• Take this drug at the same time each day. Take it at the time(s) recommended by your doctor.

Storage

  • Store the tablets at room temperature. Keep them at a temperature between 59°F and 86°F (15°C and 30°C).
  • Keep this drug in the bottle it came in.
  • Don’t store this medication in moist or damp areas, such as bathrooms.
  • Keep this drug away from light.

Refills

A prescription for this medication is refillable. You should not need a new prescription for this medication to be refilled. Your doctor will write the number of refills authorized on your prescription.

Travel

When traveling with your medication:

  • Always carry your medication with you. When flying, never put it into a checked bag. Keep it in your carry-on bag.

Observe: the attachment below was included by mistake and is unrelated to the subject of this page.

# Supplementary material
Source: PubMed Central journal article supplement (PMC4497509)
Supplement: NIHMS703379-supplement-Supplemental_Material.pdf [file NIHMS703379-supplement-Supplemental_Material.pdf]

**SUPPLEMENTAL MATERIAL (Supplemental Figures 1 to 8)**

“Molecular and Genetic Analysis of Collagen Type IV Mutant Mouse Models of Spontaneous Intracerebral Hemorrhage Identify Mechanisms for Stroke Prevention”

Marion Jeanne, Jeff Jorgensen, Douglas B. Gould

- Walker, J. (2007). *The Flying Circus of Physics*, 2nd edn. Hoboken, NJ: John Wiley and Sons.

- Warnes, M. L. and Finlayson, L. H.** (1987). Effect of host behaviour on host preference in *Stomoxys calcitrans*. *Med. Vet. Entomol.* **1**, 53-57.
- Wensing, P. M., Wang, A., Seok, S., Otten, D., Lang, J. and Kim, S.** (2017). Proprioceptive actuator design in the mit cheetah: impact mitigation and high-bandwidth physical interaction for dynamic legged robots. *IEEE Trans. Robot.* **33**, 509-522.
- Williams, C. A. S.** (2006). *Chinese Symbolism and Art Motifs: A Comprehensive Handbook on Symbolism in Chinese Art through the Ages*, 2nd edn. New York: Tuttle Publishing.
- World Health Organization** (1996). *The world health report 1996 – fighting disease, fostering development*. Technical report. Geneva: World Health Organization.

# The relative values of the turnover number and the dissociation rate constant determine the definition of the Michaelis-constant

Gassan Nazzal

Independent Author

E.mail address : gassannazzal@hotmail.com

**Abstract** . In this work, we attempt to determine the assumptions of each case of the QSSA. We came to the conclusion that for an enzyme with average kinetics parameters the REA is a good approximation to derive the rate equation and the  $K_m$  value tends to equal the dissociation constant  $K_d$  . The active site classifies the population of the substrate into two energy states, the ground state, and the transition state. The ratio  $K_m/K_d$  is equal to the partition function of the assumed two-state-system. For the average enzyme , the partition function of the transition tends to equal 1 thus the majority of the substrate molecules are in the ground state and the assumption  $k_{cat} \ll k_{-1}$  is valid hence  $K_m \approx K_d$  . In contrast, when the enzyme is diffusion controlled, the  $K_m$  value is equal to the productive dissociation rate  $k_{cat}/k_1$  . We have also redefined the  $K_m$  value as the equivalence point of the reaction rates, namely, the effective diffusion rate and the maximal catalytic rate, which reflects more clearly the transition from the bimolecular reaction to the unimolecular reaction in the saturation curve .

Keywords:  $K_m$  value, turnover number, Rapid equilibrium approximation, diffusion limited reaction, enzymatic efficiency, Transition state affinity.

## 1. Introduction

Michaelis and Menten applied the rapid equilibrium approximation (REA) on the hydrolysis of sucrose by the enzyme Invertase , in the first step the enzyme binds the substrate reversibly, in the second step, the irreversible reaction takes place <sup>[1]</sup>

• Don’t worry about airport X-ray machines. They can’t harm your medication.
  • You may need to show airport staff the pharmacy label for your medication. Always carry the original prescription-labeled container with you.
  • Don’t put this medication in your car’s glove compartment or leave it in the car. Be sure to avoid doing this when the weather is very hot or very cold.

Clinical monitoring

Your doctor should monitor certain health issues during your treatment. This can help make sure you stay safe while you take this drug. These issues include:

  • Liver function. Your doctor will test your liver function before and during your treatment with this drug. If your liver isn’t working well, your doctor may lower your dosage or stop your treatment with this drug.